"You're quite a dancer," Arty complimented Jean sincerely.
"Thank you for saying so. As are you." It was the first time Arty had properly heard Jean talk and she was very well-spoken, almost aristocratic. "Who taught you, Arty?" she asked.
"To dance? My aunt—my mother's sister, that is."
"You attended a dance school, surely?"
"No. Did you?"
"Yes." Jean traced her fingers along the railing. "Dancing, deportment and elocution. I hated it when I was a gal, though I'm glad now. When the war is over, I'm going to open a dance school. I'm on the lookout for a dance partner so I can enter competitions and make a name for myself." She laughed as she pondered a thought before adding, "I don't think that's quite what my mother has in mind. She wants her only daughter to marry into high society, but I have no interest in finding a husband." She turned to face Arty, although it was too dark for each to make out the other's features. "Have you ever considered dancing in competitions?"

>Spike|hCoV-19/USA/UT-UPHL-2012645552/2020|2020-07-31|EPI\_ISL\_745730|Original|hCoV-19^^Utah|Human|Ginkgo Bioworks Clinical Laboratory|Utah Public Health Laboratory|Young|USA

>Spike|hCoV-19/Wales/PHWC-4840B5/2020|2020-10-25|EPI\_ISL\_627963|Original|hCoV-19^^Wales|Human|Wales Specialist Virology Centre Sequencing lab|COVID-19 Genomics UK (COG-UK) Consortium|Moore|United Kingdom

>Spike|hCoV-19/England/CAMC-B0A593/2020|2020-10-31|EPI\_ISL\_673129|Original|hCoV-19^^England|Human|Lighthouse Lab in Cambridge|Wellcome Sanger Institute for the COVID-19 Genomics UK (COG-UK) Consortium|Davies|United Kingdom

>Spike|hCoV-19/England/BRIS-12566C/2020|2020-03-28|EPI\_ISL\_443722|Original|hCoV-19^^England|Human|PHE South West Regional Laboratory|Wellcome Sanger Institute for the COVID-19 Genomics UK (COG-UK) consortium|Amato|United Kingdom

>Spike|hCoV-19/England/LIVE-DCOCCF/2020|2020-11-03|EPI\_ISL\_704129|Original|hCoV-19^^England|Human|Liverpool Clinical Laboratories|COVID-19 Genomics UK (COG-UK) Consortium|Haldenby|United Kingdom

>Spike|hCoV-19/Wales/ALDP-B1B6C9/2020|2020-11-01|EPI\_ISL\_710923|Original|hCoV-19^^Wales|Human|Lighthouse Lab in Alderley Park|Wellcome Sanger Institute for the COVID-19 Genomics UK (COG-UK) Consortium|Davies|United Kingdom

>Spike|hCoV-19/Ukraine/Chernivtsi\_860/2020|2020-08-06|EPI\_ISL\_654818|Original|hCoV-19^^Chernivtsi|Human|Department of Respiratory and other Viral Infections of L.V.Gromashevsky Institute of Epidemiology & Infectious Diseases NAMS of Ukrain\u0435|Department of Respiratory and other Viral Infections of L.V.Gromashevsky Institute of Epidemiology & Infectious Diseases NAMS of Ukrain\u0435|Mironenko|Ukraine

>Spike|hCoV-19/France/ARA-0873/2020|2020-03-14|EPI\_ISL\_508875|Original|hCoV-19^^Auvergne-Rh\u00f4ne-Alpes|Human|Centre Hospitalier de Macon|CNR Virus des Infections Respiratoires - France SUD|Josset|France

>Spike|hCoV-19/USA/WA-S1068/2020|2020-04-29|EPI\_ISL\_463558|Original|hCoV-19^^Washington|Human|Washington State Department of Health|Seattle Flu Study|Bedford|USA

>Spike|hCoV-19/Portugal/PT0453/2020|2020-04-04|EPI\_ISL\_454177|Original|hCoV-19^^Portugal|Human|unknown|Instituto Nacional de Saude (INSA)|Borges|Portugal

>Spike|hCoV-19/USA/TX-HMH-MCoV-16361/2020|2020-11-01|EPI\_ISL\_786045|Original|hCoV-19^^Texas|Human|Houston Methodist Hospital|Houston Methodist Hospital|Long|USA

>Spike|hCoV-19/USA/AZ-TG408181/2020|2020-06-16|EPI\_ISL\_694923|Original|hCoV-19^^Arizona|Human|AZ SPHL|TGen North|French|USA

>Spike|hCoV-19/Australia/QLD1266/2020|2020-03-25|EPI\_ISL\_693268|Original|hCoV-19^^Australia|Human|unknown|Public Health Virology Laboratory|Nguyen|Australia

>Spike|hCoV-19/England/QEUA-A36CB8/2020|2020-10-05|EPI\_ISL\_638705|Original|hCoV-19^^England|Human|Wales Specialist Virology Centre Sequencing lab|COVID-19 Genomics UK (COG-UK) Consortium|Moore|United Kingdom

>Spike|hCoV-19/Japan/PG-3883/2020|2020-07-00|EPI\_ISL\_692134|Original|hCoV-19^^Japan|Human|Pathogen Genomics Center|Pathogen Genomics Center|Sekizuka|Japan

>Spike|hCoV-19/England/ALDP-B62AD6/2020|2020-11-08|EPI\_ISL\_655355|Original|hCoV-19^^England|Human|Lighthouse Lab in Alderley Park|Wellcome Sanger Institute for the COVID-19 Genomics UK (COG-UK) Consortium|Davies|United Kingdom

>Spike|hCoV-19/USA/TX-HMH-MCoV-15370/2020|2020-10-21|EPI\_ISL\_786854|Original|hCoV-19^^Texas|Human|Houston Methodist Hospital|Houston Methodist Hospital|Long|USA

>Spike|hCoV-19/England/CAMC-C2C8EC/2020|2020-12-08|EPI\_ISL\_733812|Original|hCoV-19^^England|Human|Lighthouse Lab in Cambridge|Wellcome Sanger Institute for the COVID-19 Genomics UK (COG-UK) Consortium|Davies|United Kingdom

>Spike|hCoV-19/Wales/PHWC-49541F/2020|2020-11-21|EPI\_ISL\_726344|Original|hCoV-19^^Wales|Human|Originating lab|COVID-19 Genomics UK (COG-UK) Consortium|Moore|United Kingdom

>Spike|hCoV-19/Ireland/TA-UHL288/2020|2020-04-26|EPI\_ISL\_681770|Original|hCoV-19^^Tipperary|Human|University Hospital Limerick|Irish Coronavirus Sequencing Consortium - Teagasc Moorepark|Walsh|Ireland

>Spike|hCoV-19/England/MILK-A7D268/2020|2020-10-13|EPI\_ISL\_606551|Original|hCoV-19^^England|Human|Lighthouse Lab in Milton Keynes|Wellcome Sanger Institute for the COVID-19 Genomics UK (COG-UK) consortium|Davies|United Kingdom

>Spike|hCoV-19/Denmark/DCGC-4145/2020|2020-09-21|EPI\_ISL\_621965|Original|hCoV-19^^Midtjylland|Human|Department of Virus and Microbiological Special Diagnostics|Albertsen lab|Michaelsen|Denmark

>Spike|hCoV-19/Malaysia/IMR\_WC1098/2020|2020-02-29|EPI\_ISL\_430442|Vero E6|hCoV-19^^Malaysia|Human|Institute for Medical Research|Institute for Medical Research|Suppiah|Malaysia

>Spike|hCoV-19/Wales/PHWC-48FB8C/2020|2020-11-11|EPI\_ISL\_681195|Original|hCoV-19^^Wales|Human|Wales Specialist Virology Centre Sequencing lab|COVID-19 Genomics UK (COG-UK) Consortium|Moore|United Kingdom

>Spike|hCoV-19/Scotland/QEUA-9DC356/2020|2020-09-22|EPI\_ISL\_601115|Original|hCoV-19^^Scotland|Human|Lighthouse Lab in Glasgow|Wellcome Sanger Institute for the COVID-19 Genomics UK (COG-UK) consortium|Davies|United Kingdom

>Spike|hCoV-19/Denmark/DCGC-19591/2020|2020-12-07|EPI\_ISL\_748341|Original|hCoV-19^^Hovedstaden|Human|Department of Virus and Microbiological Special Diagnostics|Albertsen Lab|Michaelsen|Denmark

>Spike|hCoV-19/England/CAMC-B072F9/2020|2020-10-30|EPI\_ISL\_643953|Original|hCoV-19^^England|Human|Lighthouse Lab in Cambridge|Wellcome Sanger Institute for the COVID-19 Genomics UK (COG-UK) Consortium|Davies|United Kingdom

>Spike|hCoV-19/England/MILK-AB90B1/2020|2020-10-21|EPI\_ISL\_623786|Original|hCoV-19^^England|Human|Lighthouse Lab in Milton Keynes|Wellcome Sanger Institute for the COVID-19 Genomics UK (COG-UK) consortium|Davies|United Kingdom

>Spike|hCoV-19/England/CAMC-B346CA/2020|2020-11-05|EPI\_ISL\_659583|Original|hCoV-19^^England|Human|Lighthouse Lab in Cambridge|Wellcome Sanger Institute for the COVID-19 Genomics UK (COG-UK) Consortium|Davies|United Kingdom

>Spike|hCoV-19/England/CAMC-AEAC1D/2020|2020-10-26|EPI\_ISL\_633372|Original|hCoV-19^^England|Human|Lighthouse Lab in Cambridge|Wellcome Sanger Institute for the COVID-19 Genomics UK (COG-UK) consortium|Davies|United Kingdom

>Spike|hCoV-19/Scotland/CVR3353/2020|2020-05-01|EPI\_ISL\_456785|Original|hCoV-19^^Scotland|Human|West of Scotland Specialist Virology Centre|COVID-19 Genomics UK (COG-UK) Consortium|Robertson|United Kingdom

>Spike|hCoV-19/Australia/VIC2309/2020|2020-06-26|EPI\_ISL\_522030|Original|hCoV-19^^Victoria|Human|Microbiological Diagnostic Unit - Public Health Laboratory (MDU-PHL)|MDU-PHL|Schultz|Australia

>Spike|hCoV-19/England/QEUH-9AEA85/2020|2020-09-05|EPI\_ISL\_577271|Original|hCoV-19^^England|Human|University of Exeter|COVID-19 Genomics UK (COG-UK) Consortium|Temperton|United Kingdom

It would have been far less of a surprise had she asked Arty if he were hoping to find a wife, because it seemed a more pertinent consideration. How could one afford the frivolity of dance in wartime?
"I've never given it any thought," he answered, and it was the truth, though he'd considered the other at length, and realised with some misgivings that he, likewise, would be expected to marry at some point in time.
"Would you consider it?" Jean asked. "Dancing with me, I mean?"
Arty scratched his ear, delaying his response. "After the war?"
"No. I've just transferred from Gaskell to Minton. I'm taking over the wages office for both bases."
Jean paused meaningfully, but Arty wasn't sure why. He could see her in profile now, against the clear night sky, her breath creating a transient cloud. She shivered, and in his mind he formed the suggestion that they return inside, but that was not what left his mouth. "If you were to find a husband, I imagine he would not take kindly to you dancing with another man."
"You're right, of course," Jean agreed, "and if you're trying to let me down gently…"
"Well, you are very beautiful, Jean. I just don't think war is a good reason for rushing into marriage, that's all."
Jean laughed, but not to mock. "Arty, this is not a flirtation. You are absolutely right. One should wait for the right person, and if that person never appears, then what of it? I am content the way I am. I'm not looking for a husband, just a man who can dance. So what do you say?"
Arty delayed a few seconds longer and then nodded. "Yes. I would very much like that."
Buy When Skies Have Fallen